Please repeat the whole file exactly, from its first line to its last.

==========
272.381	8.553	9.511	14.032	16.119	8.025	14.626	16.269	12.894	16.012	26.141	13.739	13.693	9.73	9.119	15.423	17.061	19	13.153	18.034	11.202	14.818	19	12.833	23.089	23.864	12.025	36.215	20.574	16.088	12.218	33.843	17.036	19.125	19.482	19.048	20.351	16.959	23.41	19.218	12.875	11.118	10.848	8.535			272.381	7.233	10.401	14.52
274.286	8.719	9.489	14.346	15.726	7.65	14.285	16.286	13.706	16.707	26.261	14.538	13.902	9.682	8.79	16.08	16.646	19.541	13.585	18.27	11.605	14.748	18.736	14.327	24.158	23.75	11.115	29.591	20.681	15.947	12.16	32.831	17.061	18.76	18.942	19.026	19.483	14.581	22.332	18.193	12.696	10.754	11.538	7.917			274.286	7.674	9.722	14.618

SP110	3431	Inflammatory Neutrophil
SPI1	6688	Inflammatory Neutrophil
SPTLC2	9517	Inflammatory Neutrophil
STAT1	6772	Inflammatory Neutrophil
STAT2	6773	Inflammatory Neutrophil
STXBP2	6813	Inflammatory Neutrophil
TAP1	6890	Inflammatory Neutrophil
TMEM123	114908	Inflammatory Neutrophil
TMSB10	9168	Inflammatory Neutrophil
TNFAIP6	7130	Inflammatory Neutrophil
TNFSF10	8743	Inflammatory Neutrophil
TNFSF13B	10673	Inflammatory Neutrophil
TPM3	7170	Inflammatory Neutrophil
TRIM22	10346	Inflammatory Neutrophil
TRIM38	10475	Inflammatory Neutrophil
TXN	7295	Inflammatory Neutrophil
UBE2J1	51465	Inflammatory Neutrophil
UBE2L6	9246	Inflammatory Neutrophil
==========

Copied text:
272.381	8.553	9.511	14.032	16.119	8.025	14.626	16.269	12.894	16.012	26.141	13.739	13.693	9.73	9.119	15.423	17.061	19	13.153	18.034	11.202	14.818	19	12.833	23.089	23.864	12.025	36.215	20.574	16.088	12.218	33.843	17.036	19.125	19.482	19.048	20.351	16.959	23.41	19.218	12.875	11.118	10.848	8.535			272.381	7.233	10.401	14.52
274.286	8.719	9.489	14.346	15.726	7.65	14.285	16.286	13.706	16.707	26.261	14.538	13.902	9.682	8.79	16.08	16.646	19.541	13.585	18.27	11.605	14.748	18.736	14.327	24.158	23.75	11.115	29.591	20.681	15.947	12.16	32.831	17.061	18.76	18.942	19.026	19.483	14.581	22.332	18.193	12.696	10.754	11.538	7.917			274.286	7.674	9.722	14.618

SP110	3431	Inflammatory Neutrophil
SPI1	6688	Inflammatory Neutrophil
SPTLC2	9517	Inflammatory Neutrophil
STAT1	6772	Inflammatory Neutrophil
STAT2	6773	Inflammatory Neutrophil
STXBP2	6813	Inflammatory Neutrophil
TAP1	6890	Inflammatory Neutrophil
TMEM123	114908	Inflammatory Neutrophil
TMSB10	9168	Inflammatory Neutrophil
TNFAIP6	7130	Inflammatory Neutrophil
TNFSF10	8743	Inflammatory Neutrophil
TNFSF13B	10673	Inflammatory Neutrophil
TPM3	7170	Inflammatory Neutrophil
TRIM22	10346	Inflammatory Neutrophil
TRIM38	10475	Inflammatory Neutrophil
TXN	7295	Inflammatory Neutrophil
UBE2J1	51465	Inflammatory Neutrophil
UBE2L6	9246	Inflammatory Neutrophil